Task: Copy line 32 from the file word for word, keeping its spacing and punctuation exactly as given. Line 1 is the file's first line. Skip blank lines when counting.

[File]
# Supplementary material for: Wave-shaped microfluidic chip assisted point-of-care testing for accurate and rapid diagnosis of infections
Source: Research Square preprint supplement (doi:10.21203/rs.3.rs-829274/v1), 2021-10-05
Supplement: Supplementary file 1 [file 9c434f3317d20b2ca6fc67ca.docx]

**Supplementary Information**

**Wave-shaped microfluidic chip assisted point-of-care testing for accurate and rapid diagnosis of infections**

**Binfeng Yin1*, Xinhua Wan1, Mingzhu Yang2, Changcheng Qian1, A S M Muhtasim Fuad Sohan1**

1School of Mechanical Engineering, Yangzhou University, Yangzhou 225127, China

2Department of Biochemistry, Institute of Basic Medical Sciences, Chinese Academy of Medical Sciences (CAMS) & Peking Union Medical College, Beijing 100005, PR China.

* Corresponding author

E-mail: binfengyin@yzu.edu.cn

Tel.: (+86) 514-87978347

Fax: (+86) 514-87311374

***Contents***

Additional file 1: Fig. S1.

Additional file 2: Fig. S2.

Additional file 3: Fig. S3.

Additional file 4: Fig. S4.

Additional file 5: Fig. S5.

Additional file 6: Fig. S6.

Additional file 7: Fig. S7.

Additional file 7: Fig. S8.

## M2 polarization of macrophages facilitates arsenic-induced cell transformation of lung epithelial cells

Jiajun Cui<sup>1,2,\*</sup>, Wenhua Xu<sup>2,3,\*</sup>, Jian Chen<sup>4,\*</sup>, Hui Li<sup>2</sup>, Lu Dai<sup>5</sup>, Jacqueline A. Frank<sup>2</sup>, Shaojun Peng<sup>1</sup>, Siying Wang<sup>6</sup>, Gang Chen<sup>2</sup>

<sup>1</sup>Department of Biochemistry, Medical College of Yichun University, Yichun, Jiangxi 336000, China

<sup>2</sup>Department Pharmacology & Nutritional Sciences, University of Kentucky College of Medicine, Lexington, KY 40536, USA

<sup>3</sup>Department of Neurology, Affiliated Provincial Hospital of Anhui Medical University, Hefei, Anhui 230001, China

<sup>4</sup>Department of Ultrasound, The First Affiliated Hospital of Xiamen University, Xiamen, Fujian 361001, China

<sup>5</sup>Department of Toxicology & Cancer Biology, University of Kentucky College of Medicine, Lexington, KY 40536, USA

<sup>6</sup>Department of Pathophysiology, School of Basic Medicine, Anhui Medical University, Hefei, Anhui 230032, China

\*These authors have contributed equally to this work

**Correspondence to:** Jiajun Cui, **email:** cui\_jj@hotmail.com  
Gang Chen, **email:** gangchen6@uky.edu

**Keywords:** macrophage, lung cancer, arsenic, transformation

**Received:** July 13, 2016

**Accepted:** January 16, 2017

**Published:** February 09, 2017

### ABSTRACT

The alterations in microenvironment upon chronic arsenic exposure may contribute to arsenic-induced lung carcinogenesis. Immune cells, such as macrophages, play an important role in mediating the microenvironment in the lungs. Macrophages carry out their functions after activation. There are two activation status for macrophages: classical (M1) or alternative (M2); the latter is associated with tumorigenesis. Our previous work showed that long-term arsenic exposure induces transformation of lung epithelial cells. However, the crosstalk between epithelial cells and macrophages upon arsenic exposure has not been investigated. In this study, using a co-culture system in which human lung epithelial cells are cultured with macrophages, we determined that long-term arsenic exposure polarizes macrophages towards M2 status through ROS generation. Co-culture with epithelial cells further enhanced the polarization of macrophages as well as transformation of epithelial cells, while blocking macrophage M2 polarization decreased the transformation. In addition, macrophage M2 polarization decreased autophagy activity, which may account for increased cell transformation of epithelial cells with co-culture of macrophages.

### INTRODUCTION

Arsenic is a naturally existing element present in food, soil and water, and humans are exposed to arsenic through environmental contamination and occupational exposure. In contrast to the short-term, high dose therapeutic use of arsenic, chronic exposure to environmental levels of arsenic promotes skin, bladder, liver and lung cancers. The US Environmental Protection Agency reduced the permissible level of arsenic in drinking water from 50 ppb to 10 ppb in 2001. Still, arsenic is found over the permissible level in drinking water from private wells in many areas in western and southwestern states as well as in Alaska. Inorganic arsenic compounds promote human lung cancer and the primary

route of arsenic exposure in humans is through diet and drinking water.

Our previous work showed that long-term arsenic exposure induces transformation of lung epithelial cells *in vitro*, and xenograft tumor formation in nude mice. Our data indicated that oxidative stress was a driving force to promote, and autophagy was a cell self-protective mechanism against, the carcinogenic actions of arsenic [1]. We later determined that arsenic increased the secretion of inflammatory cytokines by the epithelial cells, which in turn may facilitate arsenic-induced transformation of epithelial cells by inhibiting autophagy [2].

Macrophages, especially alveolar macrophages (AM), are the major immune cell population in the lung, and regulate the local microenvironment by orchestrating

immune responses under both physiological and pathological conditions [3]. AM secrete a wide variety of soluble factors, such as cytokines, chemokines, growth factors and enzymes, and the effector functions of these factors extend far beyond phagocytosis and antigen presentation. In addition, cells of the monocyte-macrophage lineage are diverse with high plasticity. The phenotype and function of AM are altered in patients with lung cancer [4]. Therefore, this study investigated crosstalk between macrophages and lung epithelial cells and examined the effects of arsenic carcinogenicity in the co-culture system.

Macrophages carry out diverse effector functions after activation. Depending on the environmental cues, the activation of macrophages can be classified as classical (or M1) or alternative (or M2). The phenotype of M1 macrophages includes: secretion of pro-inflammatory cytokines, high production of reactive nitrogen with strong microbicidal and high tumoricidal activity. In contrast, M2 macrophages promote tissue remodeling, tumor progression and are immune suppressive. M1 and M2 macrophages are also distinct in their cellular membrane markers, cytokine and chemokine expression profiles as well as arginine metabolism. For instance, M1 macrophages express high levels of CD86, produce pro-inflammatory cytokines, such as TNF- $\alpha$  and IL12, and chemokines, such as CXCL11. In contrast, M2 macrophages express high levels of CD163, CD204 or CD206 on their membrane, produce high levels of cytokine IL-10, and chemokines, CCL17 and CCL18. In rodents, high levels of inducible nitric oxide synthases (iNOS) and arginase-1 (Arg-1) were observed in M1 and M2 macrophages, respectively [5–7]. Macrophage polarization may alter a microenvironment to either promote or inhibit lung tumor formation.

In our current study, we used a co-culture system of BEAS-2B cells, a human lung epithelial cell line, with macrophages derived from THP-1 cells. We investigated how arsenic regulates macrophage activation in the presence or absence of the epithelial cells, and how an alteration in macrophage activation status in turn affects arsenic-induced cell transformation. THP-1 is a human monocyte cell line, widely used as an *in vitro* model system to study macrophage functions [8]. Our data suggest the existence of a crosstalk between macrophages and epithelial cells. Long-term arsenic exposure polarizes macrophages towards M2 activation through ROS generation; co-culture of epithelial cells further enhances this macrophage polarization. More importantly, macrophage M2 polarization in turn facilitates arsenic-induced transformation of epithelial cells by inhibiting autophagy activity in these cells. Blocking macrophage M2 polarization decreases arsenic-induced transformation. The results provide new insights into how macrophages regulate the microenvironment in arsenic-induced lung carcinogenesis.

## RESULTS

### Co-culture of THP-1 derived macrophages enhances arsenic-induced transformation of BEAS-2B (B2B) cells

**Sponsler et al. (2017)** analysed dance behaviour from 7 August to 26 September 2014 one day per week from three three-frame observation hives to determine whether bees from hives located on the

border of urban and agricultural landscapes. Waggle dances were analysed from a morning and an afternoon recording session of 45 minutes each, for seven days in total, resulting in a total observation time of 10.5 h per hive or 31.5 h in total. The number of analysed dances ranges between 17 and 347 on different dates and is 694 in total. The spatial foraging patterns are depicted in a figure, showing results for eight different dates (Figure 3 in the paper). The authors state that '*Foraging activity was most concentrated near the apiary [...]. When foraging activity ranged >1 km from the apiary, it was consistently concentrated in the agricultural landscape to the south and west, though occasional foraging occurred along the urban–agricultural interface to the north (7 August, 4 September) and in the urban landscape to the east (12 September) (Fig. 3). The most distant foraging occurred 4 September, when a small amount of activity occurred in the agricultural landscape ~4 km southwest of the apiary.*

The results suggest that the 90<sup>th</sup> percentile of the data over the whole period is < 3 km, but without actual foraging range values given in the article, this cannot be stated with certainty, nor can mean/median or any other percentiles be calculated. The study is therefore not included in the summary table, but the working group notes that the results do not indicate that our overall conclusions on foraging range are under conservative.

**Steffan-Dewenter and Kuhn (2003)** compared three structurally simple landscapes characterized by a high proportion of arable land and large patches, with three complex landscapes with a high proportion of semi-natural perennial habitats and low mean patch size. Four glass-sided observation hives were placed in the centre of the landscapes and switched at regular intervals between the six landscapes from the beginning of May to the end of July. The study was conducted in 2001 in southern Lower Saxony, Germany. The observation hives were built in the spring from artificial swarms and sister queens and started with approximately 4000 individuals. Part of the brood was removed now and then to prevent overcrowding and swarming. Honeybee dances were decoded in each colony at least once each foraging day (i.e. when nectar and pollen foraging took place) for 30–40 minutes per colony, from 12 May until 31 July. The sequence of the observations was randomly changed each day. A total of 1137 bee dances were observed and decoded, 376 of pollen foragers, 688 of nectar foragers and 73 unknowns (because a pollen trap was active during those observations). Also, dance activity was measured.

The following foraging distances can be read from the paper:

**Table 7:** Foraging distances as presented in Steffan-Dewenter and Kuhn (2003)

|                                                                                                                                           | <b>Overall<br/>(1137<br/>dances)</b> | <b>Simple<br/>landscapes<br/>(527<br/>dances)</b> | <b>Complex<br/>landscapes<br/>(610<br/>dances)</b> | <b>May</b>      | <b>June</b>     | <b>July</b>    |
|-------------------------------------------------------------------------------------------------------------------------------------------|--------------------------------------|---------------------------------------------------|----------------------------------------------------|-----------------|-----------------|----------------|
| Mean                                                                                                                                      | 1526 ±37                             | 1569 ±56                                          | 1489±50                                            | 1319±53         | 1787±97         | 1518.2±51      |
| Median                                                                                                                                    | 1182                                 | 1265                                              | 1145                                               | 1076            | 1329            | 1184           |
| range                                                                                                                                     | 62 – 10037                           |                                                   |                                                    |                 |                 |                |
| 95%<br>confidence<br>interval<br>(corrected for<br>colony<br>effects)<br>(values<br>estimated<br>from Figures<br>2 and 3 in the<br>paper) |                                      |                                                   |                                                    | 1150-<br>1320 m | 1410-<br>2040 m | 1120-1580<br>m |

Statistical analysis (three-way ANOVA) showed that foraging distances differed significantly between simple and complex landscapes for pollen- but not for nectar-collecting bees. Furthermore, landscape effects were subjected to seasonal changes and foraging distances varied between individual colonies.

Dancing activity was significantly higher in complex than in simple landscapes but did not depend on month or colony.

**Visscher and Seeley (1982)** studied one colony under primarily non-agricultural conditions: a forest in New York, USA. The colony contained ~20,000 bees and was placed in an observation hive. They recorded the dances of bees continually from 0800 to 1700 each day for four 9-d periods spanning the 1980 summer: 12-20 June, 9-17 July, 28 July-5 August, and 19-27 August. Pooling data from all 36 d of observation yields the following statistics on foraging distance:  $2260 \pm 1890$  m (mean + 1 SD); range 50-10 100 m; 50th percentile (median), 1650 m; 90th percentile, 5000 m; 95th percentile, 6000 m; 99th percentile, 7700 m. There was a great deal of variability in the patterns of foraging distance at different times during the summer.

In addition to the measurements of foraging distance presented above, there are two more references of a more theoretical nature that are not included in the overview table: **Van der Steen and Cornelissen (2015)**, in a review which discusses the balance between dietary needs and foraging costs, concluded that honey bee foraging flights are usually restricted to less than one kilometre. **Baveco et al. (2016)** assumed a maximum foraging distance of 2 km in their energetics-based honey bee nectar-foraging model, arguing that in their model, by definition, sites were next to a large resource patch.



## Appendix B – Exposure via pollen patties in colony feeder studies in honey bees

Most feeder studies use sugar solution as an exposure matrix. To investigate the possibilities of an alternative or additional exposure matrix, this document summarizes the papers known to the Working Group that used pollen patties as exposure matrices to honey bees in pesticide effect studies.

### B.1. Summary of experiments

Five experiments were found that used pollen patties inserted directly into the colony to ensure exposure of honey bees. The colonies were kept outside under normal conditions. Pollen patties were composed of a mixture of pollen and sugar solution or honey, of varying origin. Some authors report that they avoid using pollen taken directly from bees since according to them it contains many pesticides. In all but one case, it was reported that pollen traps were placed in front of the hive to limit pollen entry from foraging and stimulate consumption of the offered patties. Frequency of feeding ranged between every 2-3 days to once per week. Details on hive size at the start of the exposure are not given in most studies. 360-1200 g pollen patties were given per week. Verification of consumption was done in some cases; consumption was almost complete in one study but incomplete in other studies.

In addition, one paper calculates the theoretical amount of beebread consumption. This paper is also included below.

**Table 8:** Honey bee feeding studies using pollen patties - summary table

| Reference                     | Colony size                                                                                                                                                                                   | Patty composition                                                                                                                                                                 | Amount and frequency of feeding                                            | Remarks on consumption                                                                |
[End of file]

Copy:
Gang Chen, **email:** gangchen6@uky.edu